• Sauerkraut
  • Tomatoes

This YouTube video breaks down and explains each of the steps involved in boiling water bath canning.

But, How Are Pickling and Canning Related?

Pickling and canning are related because both are methods of preserving foods for use at a later time, but they are also related because, although foods are preserved by pickling and will last longer than the cucumbers and other vegetables and foods they are made from, they must be consumed more quickly than canned foods or either refrigerated so that they will last for a longer time. 

But, they can also be made shelf-stable so that they last for years by utilizing the canning process. In this way, we realize that while pickling and canning are different processes, they are related or at least intertwined because pickled foods must also be canned for long-term storage.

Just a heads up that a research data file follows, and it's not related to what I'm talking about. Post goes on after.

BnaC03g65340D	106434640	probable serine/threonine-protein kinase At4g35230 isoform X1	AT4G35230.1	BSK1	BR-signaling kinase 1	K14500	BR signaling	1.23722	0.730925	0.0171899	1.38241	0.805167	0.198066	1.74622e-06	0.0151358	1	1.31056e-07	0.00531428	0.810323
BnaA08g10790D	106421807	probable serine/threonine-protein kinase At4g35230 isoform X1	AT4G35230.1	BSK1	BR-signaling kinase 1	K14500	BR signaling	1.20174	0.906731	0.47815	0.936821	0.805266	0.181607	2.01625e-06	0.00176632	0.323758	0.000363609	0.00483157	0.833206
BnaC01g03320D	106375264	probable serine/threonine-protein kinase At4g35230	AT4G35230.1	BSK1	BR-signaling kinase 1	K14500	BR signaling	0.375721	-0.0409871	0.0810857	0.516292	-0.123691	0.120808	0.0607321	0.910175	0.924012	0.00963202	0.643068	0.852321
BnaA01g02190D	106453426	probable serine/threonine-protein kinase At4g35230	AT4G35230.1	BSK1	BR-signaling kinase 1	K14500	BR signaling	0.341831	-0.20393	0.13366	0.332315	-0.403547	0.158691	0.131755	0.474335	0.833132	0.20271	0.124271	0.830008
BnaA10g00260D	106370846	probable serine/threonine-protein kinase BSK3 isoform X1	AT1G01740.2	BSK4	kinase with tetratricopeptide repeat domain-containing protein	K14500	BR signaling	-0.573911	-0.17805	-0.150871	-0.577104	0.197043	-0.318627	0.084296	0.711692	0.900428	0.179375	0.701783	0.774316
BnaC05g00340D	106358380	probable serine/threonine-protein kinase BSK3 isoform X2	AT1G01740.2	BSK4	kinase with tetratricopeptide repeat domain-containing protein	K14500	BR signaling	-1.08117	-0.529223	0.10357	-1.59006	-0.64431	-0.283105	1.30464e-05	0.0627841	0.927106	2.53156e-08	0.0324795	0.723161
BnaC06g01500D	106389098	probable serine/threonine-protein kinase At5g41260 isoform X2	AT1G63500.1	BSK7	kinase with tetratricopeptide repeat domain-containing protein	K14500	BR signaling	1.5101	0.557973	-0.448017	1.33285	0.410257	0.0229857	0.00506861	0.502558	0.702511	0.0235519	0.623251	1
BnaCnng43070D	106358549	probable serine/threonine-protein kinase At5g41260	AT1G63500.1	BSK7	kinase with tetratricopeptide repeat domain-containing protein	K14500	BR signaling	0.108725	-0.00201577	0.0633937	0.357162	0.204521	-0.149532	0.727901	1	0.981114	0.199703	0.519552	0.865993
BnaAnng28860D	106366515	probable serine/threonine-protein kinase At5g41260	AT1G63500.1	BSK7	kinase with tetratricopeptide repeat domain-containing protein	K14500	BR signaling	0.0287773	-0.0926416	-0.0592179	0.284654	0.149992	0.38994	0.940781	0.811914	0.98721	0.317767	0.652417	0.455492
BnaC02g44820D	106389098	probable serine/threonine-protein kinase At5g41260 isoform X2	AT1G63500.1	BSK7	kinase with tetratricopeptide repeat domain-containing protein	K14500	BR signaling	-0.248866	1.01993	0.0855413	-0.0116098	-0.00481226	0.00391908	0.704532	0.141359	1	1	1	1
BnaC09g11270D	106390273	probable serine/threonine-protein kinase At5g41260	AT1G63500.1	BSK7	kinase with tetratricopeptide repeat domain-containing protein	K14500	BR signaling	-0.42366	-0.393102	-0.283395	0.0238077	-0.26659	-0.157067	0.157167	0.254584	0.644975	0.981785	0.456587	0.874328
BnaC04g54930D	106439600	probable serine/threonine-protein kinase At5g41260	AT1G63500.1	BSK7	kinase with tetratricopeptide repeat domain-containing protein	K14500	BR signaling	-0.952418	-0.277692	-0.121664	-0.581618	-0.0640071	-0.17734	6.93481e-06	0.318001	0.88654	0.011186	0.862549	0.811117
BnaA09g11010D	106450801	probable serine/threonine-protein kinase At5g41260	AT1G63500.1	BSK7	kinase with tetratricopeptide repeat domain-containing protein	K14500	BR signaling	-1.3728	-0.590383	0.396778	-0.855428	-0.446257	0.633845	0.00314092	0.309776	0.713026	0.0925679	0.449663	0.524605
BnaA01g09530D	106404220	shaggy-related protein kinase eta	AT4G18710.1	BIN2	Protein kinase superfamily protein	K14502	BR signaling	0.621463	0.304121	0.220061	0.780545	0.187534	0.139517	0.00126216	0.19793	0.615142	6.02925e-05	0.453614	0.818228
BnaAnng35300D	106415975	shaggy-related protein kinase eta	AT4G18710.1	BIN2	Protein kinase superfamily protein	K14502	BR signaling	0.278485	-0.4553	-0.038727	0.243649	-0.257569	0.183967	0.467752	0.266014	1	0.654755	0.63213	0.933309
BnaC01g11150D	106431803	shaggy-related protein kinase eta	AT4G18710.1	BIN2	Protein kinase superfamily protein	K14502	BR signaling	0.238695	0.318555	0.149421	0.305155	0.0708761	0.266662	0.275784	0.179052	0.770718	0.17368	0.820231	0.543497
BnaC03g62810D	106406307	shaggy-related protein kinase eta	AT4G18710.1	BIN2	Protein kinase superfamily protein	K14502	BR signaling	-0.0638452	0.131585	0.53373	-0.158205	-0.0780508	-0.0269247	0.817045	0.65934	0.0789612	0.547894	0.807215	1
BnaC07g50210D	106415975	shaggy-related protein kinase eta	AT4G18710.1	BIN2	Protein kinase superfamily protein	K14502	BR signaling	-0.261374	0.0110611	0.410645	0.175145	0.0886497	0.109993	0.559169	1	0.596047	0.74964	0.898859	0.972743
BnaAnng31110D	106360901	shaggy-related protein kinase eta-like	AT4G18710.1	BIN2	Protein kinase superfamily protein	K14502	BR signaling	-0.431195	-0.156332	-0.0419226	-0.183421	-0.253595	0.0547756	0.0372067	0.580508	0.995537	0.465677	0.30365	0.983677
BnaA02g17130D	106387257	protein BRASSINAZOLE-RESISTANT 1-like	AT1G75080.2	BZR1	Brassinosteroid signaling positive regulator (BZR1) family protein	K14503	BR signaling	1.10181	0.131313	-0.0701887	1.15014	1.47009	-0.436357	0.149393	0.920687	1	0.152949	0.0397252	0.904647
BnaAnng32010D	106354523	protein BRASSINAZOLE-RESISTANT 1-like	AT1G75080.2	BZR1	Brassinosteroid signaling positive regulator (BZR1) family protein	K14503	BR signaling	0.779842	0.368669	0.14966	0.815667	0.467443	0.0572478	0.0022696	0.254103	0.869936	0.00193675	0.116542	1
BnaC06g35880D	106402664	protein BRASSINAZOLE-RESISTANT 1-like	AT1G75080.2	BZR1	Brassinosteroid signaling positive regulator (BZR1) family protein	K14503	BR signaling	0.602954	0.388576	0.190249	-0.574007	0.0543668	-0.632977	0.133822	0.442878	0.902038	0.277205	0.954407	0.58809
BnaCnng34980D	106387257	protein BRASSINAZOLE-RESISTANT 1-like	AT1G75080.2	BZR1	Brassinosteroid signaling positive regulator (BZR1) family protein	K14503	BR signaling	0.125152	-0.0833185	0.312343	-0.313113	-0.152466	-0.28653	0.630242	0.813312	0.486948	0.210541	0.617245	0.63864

What Are Other Methods of Food Preservation?

Smoking Some Salmon

Since the beginning of time, man has been searching for ways to preserve the food that they have so they can use it to feed themselves and their families during times when food is scarce. Over time, many methods have been discovered, perfected, and used until the next best method was found.

There are eight main methods of food preservation: (1) Drying, (2) Pickling, (3) Canning, (4) Freezing, (5) Root Cellar storage, (6) Freeze Drying, (7) Salt Curing, (8) Smoking, plus several other lesser-known methods. This article mainly focuses on pickling and canning, but will mention some of the other ways to preserve food.

Drying